We cannot conduct a new evangelisation without new evangelizers. In St. Paul’s letter to the Romans, we find written: ‘For whoever calls on the name of the Lord will be saved. But they will not ask his help unless they believe in him and they will not believe in him unless they have heard of him and they will not hear of him unless they get an preacher and they will not have a preacher unless one is sent, but, as Scripture says: “The footsteps of those who bring good news is a welcome sound” ’ (Rom. 10:13-15). As we may note, the idea which emerges from the apostle, in the first place, is that of the necessary relationship between invoking the name of the Lord and having faith in him and of being sent out to proclaim him, so that all may believe. At the root of this mission is the call; that extends from invocation to mission, because it recognises that Jesus is Lord of everything and of all people. Therefore, to be an evangelizer is a vocation so that all people may be able to hear the Gospel of Jesus, believe in him and call upon him. That vocation is born on the very day of our baptism and it is a vocation to every believer in Christ to make of himself or herself a credible bearer of the good news encapsulated in his teaching. To be sent, then, is intrinsic to the baptismal vocation; this implies for all Christians that they assume this responsibility, each one in their own person, without any possibility of delegating it to others. The proclamation of the Gospel cannot be delegated to others; rather, it requires the awareness specific to the believer that he or she is to be a bearer of Christ wherever they go. We have evidence of this conviction already in the oldest writings; Cyril, the bishop of Jerusalem, stated this in his catecheses: ‘having received in ourselves his body and his blood, we are transformed into bearers of Christ’. The Christian, then, is of his very nature christophoro (bearer of Christ) and only in this way can the words of the Lord, so rich in the meaning they carry, be understood: ‘Shoulder my yoke and learn from me, for I am gentle and humble in heart, and you will find rest for your souls. Yes, my yoke is easy and my burden light’ (Mt. 11:29-30). The yoke to which Jesus alludes is none other than the invitation to become his disciples and to share his very own life; hence, to take part in his mission of salvation.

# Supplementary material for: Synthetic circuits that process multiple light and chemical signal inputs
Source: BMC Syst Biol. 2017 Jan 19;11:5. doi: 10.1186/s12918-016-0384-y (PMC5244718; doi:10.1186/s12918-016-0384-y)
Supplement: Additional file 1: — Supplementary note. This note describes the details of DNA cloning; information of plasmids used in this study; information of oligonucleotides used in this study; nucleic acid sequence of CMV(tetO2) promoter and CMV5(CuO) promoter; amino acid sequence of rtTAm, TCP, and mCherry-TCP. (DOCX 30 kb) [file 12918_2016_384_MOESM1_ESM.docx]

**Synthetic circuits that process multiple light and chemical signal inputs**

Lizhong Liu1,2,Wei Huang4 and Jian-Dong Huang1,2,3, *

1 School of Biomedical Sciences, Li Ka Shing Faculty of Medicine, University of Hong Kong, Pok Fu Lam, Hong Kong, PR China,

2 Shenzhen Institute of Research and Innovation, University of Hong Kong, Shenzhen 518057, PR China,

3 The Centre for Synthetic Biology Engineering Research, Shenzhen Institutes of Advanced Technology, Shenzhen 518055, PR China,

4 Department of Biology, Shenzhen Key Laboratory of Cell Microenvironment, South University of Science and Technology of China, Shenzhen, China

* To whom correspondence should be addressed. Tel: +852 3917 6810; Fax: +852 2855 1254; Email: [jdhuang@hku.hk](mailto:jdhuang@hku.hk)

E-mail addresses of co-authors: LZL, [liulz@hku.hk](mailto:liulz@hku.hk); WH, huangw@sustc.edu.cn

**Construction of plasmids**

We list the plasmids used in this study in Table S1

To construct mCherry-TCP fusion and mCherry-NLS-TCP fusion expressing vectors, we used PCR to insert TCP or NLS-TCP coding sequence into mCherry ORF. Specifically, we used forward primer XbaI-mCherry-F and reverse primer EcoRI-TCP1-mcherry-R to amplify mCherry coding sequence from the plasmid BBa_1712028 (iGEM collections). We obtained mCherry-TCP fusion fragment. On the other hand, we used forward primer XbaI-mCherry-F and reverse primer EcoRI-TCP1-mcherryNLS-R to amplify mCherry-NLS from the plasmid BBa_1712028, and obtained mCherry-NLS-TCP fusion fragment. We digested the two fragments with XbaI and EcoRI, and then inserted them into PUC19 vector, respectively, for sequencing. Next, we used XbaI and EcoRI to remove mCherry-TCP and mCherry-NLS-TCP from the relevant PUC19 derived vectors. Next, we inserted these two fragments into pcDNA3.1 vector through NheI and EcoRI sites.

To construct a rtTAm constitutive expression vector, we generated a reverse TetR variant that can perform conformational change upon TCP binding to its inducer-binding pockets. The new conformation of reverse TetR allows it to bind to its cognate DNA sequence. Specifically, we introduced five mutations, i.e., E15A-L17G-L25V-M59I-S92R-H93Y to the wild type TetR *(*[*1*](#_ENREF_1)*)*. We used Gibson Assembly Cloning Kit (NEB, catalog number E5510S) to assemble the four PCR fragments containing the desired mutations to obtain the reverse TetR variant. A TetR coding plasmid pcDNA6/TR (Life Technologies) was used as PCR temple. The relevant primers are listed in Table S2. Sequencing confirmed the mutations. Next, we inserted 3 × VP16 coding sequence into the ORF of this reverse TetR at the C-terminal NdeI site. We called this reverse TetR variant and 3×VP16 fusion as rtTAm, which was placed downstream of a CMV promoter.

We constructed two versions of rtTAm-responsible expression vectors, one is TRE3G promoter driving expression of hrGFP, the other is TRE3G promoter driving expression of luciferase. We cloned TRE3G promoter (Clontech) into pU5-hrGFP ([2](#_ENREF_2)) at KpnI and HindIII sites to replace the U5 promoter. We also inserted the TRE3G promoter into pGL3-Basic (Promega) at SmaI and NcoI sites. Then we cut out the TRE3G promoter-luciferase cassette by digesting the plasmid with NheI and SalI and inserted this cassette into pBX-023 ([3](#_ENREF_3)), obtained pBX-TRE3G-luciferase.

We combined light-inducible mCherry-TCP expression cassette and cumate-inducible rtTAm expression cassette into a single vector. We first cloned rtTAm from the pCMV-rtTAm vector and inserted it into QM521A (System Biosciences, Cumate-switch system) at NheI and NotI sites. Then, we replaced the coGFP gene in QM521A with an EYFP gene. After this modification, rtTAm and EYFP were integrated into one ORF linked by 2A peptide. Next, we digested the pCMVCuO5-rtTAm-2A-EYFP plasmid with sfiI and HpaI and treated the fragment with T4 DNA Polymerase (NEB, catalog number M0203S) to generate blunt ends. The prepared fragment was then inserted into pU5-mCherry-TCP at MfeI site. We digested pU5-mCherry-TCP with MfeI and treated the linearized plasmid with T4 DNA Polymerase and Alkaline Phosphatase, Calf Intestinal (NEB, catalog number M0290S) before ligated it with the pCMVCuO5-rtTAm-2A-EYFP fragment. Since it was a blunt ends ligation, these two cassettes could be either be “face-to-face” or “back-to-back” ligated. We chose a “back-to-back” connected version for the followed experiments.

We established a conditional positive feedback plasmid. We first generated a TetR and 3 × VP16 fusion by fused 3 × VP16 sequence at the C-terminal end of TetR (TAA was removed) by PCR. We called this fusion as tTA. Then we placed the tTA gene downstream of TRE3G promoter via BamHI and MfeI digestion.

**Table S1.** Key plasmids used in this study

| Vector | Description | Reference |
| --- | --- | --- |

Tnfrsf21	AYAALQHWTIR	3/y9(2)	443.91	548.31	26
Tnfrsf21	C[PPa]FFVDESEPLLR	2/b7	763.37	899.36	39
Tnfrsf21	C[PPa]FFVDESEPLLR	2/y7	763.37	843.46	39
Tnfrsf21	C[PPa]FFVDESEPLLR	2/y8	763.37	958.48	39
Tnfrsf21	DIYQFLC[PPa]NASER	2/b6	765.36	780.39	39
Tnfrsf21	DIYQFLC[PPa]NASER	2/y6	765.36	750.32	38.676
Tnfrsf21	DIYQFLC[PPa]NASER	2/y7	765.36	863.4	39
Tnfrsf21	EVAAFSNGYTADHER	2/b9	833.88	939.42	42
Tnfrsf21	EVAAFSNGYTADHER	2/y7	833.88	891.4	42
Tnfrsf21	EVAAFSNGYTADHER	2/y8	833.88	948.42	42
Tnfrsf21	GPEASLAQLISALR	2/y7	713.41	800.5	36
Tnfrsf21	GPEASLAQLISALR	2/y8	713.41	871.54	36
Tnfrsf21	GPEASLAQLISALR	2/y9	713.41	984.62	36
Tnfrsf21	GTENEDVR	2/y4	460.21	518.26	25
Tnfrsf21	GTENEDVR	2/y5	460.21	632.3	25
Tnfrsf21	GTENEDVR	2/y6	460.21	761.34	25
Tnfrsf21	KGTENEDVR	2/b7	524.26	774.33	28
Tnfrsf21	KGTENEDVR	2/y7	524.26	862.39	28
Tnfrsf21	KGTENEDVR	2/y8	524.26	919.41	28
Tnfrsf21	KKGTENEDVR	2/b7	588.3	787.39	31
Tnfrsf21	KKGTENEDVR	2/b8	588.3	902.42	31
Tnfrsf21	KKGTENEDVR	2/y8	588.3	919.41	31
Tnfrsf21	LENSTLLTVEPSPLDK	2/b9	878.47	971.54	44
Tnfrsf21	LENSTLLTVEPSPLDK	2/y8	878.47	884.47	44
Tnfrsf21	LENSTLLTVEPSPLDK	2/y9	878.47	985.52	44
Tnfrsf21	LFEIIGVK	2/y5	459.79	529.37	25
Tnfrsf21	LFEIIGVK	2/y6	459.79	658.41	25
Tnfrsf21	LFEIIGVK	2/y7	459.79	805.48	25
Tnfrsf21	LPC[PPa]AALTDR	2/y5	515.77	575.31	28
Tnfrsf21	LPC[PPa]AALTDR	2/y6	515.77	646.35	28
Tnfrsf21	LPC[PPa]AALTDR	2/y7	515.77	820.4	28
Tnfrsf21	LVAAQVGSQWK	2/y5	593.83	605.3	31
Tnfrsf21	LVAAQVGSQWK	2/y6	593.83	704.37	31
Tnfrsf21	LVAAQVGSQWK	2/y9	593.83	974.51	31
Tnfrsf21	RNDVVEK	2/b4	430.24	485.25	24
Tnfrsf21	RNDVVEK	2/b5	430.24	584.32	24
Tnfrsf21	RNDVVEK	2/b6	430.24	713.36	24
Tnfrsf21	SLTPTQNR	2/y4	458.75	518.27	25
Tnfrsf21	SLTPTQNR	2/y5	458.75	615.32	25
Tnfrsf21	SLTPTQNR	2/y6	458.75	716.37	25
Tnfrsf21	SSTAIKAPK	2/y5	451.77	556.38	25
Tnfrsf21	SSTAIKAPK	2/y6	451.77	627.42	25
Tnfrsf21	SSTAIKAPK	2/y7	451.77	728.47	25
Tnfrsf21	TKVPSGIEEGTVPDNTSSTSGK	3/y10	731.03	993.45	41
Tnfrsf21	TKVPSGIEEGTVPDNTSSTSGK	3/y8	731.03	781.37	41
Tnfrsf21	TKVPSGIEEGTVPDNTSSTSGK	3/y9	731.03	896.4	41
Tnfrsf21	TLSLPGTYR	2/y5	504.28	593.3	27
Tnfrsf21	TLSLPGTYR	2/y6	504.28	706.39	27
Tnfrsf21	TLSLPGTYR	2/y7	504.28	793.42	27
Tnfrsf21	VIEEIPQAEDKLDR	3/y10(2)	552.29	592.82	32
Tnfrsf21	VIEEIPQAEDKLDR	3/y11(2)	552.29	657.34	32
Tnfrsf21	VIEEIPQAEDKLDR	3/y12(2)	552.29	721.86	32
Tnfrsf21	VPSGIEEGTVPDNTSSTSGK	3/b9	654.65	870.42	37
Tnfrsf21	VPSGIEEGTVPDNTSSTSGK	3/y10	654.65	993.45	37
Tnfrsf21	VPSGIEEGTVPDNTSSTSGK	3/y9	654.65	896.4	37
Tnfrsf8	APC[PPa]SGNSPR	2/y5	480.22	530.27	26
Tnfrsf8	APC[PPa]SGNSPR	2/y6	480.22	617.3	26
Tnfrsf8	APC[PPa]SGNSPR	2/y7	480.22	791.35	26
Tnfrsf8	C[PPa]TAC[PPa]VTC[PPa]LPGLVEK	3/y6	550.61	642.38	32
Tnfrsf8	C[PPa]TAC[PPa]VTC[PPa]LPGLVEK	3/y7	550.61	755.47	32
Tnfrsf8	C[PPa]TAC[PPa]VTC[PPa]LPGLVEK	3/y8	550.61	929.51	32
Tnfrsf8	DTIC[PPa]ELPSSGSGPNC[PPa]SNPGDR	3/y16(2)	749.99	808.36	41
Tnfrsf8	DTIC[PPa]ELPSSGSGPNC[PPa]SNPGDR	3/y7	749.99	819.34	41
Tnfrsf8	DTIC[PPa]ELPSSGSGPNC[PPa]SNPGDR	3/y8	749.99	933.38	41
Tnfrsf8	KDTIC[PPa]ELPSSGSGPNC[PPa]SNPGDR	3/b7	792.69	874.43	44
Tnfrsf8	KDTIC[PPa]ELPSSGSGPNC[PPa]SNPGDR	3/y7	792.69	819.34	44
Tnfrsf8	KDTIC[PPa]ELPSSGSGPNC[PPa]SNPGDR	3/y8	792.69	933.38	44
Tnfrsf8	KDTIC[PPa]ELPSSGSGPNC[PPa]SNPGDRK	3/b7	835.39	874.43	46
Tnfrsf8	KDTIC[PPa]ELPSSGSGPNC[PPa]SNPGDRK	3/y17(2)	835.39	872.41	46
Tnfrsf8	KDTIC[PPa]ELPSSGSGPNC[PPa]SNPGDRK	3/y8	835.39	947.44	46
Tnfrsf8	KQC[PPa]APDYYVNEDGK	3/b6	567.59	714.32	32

The first evangelizer, certainly, is the bishop. As successor of the apostles, upon him is conferred the mandate of being a living icon in the world of a courageous and strong proclamation of the Gospel. He cannot stay silent; his experience of the Risen Lord obliges him to give witness. Peter’s expression just after Easter: ‘We cannot be silent’ (Acts 4:20), notwithstanding the obligation imposed upon them by the leaders of the people and the threat of violence, should remain in our lives as a pastoral imperative, from which we may not withdraw ourselves. Priests participate and share in the mission to evangelize which is proper to the bishop; together with him, they form the one presbyterate (unum presbyterium), that is to say the single priestly body placed at the service of the People of God to proclaim his word and to keep it always alive. Priests are asked to examine the challenges present in the priestly life. The first challenges they are called upon to understand stem from directly within our being priests. To the extent that we are able to accept and to make our own these challenges, we shall be able to see also as real the challenges which the world places before us. The first challenge, therefore, is in the order of reflecting upon what it means to be priests in the world of today, to understand the vocation fully. The priesthood is not a matter of human achievement nor a right, as many today think, but it is the gift which God makes to those he has decided to call, to remain with him, in the service of his Church. To forget this vocational dimension is the equivalent of misunderstanding everything and to make of the priest an employee and not a man who undertakes a service marked by its totally gratuitous nature. If we can accept this point, it will enable us to relate the priest first of all with the reality which brings him into being: the Eucharist. The real challenge consists exactly in understanding ourselves in relation to the mystery which is celebrated and which makes of every priest a minister of Christ. The Eucharist remains as a gift which can never be extinguished, which was made to the Church and to every priest personally; for this reason respect and devotion are due, without ever pretending to be able to control the mystery whose servants we are, as if we were its masters. The whole of the priestly ministry should be characterised by putting in first place not our own person, with our own opinions,, but Jesus Christ.